Whatever week you’re in in lockdown (perhaps you’re in a country where lockdown is being lifted – lucky you!), I’m sure you’ve done a fair amount of baking. After all, it’s relatively simple (assuming you’re not trying to make a five tier rainbow cake), it lifts the spirits (it really does!) AND you can treat yourself to the yummy end result! With a nice cup of tea, preferably.
Here’s a Croatian recipe for making krostule that’s incredibly simple AND incredibly delicious. You’ll barely be able to stop yourself from eating 2, 5…8 krostule in one go. And if you’ve got any little ones at home, they can easily get involved in helping you make this, although obviously the deep-frying stage should be done by adults only.
Krostule are little pastries, traditionally from Istria and Dalmatia. They have a doughnut-like texture and are usually shaped as knots. They are best eaten when warm, right after cooking!
I got this original recipe for making krostule from a book called Croatian Cooking by Sandra Lougher, published in 2005. It contains some easy to follow recipes for Croatian starters, mains and desserts. This particular one is described as being “popular with kids”. Which is interesting, as the recipe contains rum… Unfortunately, the book appears out of print, but you may be able to pick up a second hand copy online.
Speaking of which (kids, not rum), I made a batch of these to take into my child’s nursery about a month and a half ago (one of the last “normal” things I did, pre-lockdown) when I went in to talk about Croatia to all the three and four year olds. I think they liked my talk and looking at the pretty pictures of Croatia. They certainly liked the soft toy Dalmatian dog I brought in! And the definitely liked the krostule!
This recipe says it makes about 100. I ended up with about 35, so perhaps I didn’t roll out the dough thin enough…no matter.
- 500g plain flour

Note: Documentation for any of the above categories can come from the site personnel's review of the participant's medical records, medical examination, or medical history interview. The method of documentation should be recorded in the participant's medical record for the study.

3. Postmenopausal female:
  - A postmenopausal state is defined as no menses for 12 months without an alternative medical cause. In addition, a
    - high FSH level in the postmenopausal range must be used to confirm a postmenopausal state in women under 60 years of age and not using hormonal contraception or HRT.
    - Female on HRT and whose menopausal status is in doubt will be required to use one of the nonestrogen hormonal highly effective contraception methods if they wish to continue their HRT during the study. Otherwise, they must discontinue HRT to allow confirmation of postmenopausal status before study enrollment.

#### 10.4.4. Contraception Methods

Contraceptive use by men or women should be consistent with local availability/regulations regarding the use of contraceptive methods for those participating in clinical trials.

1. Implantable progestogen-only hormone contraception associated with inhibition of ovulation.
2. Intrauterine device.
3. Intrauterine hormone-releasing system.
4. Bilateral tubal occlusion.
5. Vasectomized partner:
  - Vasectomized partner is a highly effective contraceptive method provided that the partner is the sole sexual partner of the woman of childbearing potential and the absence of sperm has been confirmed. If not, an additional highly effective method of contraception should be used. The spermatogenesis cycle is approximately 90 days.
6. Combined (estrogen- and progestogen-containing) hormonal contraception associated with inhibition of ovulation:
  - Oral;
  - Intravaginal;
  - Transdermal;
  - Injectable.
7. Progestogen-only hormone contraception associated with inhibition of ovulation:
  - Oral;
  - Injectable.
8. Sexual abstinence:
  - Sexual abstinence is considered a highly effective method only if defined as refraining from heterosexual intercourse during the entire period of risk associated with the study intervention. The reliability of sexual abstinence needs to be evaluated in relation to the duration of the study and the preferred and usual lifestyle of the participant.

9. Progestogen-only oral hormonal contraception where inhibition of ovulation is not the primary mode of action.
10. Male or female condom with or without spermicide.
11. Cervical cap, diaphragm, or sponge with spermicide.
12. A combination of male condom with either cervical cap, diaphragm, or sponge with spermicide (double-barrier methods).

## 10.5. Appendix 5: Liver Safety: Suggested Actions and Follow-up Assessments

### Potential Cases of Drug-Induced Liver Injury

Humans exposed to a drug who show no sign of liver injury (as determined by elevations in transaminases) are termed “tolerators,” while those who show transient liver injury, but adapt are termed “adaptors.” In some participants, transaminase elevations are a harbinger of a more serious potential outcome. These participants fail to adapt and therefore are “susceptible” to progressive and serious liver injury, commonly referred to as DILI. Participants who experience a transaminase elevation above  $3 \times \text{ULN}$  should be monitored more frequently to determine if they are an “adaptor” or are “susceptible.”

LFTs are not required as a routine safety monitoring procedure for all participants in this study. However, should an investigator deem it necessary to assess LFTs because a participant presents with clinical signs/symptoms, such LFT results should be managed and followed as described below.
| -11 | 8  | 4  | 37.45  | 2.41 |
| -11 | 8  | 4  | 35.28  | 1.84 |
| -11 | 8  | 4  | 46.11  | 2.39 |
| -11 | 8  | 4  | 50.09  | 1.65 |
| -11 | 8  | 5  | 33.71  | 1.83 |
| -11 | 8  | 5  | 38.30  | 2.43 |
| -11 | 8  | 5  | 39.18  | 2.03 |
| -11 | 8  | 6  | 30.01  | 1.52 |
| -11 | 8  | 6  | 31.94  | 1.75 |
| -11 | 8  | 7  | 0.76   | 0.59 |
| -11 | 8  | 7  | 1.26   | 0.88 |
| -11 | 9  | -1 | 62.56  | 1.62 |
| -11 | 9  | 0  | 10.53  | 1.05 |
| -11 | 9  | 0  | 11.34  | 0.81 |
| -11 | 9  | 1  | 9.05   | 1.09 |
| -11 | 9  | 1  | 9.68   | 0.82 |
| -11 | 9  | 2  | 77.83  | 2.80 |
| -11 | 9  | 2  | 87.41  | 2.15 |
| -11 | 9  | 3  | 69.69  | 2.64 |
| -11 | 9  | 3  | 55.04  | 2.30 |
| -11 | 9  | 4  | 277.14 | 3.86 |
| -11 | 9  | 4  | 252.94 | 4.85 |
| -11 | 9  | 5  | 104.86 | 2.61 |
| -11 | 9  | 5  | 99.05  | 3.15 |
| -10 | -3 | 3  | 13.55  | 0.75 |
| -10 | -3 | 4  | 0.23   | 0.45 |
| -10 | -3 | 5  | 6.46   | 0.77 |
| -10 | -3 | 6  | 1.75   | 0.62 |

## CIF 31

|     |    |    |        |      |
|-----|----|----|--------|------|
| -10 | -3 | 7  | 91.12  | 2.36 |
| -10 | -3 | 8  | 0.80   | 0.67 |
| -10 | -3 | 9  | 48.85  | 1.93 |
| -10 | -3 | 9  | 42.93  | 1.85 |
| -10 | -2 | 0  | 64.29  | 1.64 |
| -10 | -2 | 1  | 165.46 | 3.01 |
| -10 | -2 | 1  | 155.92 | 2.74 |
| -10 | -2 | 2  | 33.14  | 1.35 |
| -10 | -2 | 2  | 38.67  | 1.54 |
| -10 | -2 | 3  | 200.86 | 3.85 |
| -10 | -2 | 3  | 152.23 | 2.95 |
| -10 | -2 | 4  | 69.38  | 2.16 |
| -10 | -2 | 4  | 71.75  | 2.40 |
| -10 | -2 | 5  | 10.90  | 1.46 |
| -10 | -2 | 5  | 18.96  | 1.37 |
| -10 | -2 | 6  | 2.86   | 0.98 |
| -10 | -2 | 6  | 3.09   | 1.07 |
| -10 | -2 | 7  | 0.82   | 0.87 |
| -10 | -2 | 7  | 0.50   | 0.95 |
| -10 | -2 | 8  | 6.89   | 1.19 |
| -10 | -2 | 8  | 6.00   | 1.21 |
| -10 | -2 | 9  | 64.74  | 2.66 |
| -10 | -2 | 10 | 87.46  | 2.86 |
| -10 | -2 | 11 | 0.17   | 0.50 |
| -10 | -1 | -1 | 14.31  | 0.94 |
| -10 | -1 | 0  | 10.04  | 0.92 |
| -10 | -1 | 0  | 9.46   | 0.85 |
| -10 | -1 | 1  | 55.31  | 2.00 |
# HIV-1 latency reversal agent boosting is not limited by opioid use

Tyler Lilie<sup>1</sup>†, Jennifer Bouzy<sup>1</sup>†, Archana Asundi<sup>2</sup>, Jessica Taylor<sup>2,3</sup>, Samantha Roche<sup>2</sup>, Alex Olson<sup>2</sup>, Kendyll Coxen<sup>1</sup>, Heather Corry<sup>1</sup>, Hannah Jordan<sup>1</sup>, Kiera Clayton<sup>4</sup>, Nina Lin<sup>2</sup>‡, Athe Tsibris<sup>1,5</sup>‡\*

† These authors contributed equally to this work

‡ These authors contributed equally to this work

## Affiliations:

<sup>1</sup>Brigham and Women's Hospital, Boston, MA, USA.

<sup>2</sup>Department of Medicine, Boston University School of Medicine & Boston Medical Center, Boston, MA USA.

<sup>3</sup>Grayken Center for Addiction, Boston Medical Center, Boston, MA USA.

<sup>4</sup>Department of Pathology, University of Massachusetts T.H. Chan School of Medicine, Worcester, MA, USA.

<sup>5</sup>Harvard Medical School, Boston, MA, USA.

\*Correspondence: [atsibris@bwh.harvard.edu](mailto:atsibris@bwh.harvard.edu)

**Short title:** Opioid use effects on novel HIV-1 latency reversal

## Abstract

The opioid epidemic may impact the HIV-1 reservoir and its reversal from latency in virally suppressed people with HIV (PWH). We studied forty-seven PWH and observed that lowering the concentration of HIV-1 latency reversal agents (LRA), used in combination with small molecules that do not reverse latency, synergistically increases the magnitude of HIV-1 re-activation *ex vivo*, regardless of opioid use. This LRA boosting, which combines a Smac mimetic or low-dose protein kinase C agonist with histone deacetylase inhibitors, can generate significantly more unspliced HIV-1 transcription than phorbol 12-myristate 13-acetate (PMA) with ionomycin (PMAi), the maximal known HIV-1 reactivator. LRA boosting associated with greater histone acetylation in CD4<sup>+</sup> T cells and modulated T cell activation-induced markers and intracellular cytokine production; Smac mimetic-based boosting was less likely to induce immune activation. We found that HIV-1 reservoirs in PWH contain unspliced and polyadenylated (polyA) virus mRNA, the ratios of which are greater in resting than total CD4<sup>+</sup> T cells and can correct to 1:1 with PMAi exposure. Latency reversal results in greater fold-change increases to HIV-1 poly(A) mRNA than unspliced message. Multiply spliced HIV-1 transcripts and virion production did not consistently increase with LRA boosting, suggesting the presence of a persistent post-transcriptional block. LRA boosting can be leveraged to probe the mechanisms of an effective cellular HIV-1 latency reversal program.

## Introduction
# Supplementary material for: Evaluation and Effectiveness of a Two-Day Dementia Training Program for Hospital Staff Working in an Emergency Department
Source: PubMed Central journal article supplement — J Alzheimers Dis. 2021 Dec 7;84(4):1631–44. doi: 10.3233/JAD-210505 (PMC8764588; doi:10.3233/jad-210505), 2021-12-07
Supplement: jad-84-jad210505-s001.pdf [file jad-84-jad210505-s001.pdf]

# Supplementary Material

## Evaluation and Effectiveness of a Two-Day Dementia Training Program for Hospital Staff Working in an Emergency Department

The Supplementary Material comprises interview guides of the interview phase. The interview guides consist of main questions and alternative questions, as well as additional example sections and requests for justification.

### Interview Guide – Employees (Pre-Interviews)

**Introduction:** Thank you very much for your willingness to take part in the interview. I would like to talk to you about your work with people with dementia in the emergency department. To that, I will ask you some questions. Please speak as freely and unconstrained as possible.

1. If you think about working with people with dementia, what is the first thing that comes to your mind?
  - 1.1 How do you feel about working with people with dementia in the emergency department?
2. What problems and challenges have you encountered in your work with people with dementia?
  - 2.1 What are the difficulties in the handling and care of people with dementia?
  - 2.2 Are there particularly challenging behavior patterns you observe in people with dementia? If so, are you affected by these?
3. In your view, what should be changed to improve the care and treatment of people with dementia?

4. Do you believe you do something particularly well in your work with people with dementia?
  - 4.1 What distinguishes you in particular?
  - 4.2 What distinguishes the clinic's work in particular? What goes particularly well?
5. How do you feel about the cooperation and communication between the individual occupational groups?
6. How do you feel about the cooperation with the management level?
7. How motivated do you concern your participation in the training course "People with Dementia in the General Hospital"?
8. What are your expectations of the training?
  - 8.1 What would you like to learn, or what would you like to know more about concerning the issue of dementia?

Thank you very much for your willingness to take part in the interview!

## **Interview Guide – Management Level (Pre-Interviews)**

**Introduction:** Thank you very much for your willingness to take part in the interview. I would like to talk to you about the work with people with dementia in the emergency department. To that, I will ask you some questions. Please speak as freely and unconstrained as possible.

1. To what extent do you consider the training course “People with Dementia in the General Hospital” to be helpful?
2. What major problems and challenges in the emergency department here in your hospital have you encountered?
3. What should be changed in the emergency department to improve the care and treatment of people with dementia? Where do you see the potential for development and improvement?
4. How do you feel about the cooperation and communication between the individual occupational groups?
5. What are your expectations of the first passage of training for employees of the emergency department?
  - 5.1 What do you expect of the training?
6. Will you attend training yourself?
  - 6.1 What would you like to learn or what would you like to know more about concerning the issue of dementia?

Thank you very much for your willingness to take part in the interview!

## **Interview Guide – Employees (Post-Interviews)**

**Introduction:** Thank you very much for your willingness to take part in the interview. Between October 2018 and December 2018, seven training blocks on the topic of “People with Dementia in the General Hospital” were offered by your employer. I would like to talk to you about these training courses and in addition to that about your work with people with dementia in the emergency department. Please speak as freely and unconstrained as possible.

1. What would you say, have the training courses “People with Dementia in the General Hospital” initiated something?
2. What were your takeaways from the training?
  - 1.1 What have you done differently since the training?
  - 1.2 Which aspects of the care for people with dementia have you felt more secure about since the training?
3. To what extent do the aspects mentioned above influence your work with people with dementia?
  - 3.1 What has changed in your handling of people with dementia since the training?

- 2 tsp baking powder
- 1/2 tsp salt
- 2 eggs
- 50g granulated sugar
- 50g butter, melted
- 1 tbsp rum (which I omitted to make it more child-friendly! But you may like to include it…)
- grated rind of 1/2 lemon
- grated rind of 1/2 orange
- 100ml milk
- sunflower or vegetable oil for deep-frying
- icing sugar for dusting
1. Sift the flour, baking powder and salt into a large mixing bowl.
2. Mix together the eggs and sugar in another bowl until the mixture becomes foamy.
3. Add the butter, rum (if using!), lemon and orange rind to the eggs and sugar, and mix together well.
4. Add the egg mixture to the flour mixture and mix together with a wooden spoon to get a dough to form. Little by little, add some of the milk so your dough is not too dry. (You may well find that you do not need to use all of the 100ml of milk).
5. Turn the dough out onto a surface dusted with a little flour, and knead well for about five minutes.
6. Return the dough to your bowl and leave to rise in a warm place for about 30 minutes.
7. Turn the dough out again and break into large pieces, manageable enough for you to roll out quite thin.
8. Once one piece is rolled out quite thinly, slice into thin but long strips measuring about 1.5cm in width. Tie each strip into a knot (you may need to ‘practice’ a few times to get it right) and set aside for deep-frying! Repeat for all the other pieces of dough.
9. Once you’ve cut and shaped all your knots, heat your oil in a saucepan until it is very hot – it will be shimmering slightly. I used quite a small saucepan to make the frying more manageable, and filled it about a third full with oil. You can always drop in one knot to test to see if the oil is hot enough to cook.
10. Once ready, drop a few knots into the oil at a time. (I did four at a time.) Fry for about 1-2 minutes each side – use a slotted spoon to turn halfway – until they’re golden brown. Remove with the spoon and place on kitchen paper to soak up any excess oil.
Transfer to a plate and dust with icing sugar.
Believe me, these are amazingly more-ish – you’ll no doubt ‘test’ quite a few whilst you’re frying them to make sure they’re not over- or under-done!
As mentioned, these are best eaten soon after cooking, whilst they are still warm. They don’t quite keep so well, becoming a bit harder, but you can nevertheless store them in an airtight container. (And why not dust with a bit more icing sugar before serving again?)
Why not try out some more Croatian recipes?